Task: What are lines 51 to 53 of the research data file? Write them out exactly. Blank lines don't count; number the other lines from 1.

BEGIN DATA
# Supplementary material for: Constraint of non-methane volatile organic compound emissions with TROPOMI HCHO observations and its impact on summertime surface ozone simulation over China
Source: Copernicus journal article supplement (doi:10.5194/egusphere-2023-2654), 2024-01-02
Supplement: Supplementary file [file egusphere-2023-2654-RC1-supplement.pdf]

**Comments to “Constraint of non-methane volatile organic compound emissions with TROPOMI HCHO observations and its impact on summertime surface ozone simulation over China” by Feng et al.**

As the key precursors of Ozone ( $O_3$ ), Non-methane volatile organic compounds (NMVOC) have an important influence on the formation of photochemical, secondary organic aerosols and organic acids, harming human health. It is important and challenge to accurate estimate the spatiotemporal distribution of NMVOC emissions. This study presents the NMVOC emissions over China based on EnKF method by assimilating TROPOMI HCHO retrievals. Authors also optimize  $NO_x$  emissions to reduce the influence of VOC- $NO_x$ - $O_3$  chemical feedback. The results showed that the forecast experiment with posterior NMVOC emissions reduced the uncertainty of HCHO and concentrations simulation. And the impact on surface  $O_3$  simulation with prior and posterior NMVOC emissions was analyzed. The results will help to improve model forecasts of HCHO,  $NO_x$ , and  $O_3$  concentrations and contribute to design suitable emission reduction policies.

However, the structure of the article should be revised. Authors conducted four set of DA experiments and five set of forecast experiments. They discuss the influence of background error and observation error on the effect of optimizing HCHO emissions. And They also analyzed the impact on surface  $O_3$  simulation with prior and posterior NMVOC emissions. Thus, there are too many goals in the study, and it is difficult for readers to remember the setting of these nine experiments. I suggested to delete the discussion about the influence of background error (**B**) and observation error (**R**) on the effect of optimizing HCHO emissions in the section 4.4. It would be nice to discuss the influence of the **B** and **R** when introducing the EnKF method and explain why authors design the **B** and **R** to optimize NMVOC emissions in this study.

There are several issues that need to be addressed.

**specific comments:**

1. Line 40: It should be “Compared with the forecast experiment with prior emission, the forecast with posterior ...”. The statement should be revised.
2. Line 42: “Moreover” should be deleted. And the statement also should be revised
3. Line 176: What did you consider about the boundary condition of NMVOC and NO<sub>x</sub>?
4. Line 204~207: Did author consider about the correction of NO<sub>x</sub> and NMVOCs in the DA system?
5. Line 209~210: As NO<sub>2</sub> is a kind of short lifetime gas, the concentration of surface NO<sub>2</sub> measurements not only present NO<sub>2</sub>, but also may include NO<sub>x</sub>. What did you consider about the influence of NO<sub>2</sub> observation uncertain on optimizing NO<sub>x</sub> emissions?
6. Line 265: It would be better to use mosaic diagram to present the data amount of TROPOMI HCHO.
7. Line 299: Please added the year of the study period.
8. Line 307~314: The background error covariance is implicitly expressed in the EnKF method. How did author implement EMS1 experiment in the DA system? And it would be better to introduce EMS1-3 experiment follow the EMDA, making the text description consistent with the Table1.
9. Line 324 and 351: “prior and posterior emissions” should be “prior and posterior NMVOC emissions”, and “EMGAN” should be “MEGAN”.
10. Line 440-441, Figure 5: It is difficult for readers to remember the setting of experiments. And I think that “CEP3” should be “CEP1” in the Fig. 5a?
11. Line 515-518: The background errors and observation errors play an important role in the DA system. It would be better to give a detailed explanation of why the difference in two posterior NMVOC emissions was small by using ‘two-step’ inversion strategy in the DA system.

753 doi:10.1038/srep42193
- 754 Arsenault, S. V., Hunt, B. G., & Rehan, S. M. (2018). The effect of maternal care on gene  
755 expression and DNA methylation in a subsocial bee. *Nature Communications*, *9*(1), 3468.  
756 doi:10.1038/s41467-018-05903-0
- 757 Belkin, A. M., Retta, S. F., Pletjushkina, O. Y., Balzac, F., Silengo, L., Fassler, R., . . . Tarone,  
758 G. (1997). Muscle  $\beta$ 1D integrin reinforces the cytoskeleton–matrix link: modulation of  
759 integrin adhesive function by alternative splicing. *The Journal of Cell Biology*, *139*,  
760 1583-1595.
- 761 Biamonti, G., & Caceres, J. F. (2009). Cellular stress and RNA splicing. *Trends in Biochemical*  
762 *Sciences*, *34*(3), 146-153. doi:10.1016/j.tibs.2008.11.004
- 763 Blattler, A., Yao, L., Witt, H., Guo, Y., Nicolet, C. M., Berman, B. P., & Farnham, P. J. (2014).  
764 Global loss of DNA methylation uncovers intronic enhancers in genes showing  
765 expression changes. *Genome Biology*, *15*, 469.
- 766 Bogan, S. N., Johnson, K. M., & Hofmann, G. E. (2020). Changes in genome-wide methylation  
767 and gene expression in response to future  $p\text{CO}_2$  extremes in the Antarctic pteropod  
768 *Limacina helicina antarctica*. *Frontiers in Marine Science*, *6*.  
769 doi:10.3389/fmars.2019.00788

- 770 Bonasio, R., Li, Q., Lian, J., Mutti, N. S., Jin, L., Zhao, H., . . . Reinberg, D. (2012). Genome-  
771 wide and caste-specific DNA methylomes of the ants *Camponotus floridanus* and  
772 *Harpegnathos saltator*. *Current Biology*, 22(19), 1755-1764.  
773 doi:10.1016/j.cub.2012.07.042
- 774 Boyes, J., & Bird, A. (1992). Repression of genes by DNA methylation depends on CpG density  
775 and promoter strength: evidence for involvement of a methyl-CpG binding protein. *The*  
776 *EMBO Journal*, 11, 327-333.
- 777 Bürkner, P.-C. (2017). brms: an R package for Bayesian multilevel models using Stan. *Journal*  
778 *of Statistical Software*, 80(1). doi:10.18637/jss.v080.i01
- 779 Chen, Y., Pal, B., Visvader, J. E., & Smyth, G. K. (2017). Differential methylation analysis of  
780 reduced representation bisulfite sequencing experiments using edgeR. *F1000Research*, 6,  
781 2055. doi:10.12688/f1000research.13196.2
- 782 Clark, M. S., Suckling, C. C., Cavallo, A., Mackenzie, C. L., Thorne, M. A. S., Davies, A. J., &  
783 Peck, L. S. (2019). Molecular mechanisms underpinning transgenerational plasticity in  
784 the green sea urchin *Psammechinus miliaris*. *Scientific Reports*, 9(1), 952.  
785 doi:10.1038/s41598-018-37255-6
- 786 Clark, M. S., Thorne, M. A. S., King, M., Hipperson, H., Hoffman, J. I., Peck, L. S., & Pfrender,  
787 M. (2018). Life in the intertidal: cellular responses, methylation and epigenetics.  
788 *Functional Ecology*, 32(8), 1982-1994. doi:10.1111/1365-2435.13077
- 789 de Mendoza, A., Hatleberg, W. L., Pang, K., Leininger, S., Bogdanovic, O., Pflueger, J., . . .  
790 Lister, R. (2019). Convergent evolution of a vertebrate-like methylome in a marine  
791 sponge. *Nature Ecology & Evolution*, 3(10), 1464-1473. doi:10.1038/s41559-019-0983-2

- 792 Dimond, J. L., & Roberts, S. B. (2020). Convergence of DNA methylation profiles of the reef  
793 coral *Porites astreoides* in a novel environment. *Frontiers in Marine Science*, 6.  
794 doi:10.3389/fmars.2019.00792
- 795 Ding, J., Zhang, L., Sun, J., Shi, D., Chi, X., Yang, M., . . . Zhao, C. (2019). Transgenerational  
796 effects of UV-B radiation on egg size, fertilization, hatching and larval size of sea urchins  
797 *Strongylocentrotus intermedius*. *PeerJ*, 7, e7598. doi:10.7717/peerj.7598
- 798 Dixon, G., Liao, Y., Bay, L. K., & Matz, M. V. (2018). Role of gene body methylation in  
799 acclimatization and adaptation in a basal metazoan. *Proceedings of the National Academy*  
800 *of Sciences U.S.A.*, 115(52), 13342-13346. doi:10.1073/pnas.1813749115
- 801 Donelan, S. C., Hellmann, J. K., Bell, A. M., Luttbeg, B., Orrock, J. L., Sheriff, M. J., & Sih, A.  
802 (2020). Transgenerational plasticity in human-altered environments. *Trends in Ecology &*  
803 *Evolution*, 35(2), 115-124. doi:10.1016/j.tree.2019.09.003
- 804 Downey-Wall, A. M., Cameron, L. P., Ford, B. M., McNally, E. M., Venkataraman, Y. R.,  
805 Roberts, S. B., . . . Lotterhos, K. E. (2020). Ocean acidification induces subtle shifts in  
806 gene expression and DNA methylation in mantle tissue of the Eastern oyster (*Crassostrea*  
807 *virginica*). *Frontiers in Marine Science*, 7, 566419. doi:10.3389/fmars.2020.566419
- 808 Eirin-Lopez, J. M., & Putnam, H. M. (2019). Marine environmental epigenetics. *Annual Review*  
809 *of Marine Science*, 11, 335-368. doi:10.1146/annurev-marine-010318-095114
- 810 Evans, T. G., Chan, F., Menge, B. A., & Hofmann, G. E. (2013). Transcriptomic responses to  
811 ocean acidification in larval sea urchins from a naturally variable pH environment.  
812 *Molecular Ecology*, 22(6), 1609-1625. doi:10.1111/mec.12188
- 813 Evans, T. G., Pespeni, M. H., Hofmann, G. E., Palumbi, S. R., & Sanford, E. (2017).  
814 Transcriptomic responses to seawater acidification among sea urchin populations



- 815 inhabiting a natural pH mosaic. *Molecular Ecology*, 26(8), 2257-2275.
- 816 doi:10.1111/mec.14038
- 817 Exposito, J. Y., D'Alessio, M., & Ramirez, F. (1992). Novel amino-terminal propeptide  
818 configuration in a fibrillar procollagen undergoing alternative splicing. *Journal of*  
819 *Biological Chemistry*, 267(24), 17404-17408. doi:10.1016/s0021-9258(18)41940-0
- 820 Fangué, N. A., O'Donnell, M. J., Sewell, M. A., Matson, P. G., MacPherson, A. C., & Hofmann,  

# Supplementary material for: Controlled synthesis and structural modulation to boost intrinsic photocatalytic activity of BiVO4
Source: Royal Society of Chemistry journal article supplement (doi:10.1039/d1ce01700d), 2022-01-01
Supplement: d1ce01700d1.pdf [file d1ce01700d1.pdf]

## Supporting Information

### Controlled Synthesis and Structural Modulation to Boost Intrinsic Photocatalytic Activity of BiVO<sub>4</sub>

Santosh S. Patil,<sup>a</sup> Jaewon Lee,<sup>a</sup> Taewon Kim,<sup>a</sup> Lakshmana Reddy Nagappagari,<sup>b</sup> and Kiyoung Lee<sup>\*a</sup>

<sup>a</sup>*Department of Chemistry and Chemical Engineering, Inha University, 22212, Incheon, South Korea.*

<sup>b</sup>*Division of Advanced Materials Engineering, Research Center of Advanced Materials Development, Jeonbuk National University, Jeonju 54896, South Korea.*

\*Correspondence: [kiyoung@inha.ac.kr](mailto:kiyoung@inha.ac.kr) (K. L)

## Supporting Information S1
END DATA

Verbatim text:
784 the green sea urchin *Psammechinus miliaris*. *Scientific Reports*, 9(1), 952.  
785 doi:10.1038/s41598-018-37255-6
- 786 Clark, M. S., Thorne, M. A. S., King, M., Hipperson, H., Hoffman, J. I., Peck, L. S., & Pfrender,  